Friday, February 5, 2016

$2.9 Million Award Is 30% of Actual Legal Fees

Dow Chemical Co v NOVA Chemicals Corp 2016 FC 91 O'Keefe J here
            2,160,705 / film-grade polymers / ELITE SURPASS

I don’t normally blog on procedural issues, but I’ve made a partial exception for costs because of the interesting disparity between the Federal Court tariff and the actual costs of patent litigation. Awards for fees in the range of 10% of actual fees, which is not uncommon if the tariff is applied, are effectively a hybrid between the English rule (substantial costs in the cause) and the American rule (each party bears their own costs), which strikes me as the worst of both worlds: big enough to fight over (thus increasing costs), but not big enough to make any difference to litigation strategy. We have seen the courts gradually move from Column III of the tariff to Column IV or V in complex patent cases (see here for a review of the trends), but even that is often not enough to make a real difference: in this case fees assessed under Column V would amount to only 11% of actual legal fees. Even if “an award of costs represents a compromise between compensating a successful party and not unduly burdening an unsuccessful party” [10, quoting 2011 FC 1113 [11]], 11% is a distraction rather than a compromise.

O’Keefe J held that costs awarded pursuant to Column V of the tariff “would be totally inadequate as an amount of costs for the plaintiffs in this case. To only recoup 11% of your costs in such a complex case is not acceptable” [26]. Accordingly he exercised his discretion to depart from the tariff and award lump sum costs for legal fees in the amount of $2.9 million, which is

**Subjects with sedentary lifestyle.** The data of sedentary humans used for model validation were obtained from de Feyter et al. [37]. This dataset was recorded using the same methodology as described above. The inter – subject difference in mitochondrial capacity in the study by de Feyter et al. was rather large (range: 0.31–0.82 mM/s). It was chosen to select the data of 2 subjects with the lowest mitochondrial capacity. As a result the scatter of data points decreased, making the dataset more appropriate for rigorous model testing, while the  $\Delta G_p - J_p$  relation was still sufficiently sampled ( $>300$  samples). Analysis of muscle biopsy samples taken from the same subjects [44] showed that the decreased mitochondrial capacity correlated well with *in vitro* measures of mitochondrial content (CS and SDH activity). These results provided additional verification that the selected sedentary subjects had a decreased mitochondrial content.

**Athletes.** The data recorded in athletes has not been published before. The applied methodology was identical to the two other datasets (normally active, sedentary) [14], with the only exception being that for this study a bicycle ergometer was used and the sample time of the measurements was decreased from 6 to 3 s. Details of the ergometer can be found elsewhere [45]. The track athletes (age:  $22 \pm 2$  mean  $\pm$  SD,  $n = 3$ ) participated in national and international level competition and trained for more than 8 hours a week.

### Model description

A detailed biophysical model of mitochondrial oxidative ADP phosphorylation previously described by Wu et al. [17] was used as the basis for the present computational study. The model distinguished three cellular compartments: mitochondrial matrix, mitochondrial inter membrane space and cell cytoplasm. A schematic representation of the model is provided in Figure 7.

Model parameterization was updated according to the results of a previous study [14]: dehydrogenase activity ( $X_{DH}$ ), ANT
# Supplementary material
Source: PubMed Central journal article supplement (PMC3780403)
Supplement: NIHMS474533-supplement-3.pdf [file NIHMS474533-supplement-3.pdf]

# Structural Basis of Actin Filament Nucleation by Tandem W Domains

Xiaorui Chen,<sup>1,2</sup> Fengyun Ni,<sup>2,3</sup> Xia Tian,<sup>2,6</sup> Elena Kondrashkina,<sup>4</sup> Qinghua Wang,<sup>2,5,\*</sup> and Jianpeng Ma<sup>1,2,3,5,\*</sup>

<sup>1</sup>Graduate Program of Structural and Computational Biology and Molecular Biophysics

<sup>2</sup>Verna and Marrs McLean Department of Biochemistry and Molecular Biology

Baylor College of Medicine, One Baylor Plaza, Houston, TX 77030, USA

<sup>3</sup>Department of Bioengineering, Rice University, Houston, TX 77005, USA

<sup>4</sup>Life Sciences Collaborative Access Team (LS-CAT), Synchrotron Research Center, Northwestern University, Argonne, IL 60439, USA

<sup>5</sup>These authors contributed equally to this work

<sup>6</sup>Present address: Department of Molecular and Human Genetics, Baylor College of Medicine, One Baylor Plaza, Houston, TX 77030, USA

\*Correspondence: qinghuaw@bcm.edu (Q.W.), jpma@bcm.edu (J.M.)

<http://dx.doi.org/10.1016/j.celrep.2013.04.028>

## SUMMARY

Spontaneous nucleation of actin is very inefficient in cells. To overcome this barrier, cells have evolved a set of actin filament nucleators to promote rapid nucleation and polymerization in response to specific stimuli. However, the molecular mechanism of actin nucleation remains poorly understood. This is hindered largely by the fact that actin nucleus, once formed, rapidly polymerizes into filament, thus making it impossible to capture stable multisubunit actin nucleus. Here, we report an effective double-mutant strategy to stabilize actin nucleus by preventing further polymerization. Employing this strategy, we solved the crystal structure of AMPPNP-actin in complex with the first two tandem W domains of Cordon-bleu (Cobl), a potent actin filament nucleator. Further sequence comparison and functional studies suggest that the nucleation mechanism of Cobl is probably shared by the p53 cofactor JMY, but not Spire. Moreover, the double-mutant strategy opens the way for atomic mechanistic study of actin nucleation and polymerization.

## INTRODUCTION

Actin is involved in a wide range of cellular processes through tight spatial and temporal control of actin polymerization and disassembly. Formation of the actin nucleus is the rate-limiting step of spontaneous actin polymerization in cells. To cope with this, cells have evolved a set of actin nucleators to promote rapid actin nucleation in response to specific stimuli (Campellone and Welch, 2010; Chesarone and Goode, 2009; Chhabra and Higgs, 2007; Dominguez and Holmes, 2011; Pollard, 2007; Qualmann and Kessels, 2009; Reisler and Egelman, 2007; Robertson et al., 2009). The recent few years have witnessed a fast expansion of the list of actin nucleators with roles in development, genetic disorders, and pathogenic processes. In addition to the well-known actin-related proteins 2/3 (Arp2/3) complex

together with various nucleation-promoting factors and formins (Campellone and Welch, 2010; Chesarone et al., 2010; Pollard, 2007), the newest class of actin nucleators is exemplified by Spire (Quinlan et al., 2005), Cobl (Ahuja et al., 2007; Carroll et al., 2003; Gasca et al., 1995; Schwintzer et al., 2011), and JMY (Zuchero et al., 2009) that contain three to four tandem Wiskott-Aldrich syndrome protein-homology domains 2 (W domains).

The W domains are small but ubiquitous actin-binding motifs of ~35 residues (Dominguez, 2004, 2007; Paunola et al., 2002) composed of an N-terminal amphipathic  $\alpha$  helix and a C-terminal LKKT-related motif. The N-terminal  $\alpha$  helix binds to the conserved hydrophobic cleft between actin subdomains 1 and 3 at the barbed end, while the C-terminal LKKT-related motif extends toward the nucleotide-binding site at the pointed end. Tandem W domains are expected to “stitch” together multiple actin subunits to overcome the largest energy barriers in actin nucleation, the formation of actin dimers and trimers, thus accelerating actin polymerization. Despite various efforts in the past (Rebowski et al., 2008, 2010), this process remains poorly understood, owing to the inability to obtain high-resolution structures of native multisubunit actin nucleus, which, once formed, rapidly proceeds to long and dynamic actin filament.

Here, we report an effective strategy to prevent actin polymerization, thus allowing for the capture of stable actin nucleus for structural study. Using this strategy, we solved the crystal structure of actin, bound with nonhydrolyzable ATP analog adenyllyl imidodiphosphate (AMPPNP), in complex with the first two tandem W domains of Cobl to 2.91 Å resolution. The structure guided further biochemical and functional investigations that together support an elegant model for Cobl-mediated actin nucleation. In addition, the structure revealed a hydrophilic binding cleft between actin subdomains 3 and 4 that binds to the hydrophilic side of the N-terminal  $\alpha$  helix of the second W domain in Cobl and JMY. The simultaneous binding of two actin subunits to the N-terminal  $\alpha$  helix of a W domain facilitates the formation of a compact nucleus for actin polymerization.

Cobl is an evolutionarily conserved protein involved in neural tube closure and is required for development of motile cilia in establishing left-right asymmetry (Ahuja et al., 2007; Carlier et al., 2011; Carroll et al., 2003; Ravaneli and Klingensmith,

approximately 30% of the actual legal fees [29], for a total award, including disbursements, of $6.5 million [36].

It seems to me that this award of 30% of fees is entering the range where it is reasonable to view the award as actually being a compromise between the English and American rules. I don’t have an opinion as to whether such a compromise is better than the applying a pure version of either of the alternatives, but at least it is a substantive alternative, as opposed to the fee structure of the tariffs, which increasingly appears to reflect no principle other than historical accident. It will be very interesting to see what emerges from the discussion paper on costs that was issued by the Rules Committee.

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